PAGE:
Pests: Nuisance and danger to health

Marshalee Valentine

Thursday, December 06, 2018

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This week we will look at the importance of pest control to food safety. I have a very interesting story about finding a cockroach in my soup at a popular fast food restaurant, but I'll save the storytelling for another article and just go straight ahead and explain why you don't want this happening in your home or food establishment.

Pests are destructive insects or animals that can contaminate food intended for consumption, and damage different structures in your home and food establishment. Pests can also be vectors of a myriad diseases and harmful bacteria that may cause food poisoning, and as a result should have no place in food-manufacturing facilities or food handling areas. These diseases and harmful bacteria may be picked up from human and animal waste, in fields or in sewers, human food and the open environment. This will cause cross-contamination to our food or food contact surfaces. Some pests may pick up and later excrete or transfer pathogens such as salmonella, E.Coli, streptococcus, moulds, yeasts, clostridia and listeria.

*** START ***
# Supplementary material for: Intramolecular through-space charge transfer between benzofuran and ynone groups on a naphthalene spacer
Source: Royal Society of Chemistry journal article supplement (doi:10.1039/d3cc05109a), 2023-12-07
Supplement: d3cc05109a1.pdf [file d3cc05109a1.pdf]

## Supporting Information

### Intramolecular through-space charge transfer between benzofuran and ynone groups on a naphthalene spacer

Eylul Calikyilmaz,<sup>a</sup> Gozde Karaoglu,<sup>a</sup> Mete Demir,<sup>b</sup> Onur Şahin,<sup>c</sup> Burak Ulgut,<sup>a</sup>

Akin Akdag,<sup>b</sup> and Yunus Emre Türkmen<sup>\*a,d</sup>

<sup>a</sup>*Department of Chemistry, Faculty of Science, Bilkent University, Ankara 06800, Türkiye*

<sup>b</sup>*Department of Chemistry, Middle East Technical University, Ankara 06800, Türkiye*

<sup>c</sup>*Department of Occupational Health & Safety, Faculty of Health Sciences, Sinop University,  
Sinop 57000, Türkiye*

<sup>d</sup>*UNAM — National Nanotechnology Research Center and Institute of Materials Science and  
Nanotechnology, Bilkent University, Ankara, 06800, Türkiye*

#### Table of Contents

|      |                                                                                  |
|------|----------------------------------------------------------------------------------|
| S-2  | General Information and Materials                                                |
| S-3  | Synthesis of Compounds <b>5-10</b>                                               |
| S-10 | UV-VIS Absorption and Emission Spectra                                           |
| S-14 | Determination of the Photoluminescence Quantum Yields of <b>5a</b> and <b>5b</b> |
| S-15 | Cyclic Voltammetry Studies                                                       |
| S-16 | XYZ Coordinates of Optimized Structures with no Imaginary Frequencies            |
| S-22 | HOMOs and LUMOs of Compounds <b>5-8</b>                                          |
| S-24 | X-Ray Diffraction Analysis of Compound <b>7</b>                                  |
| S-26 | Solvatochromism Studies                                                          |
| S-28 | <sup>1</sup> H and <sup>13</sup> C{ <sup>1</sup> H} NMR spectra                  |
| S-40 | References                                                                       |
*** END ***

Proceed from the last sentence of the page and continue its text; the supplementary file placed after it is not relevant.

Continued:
What is a pest? There are three main groups that may be encountered in your home or in your food establishment: rodents which include rats and mice; insects, which include cockroaches, beetles, flies; and birds such as pigeons.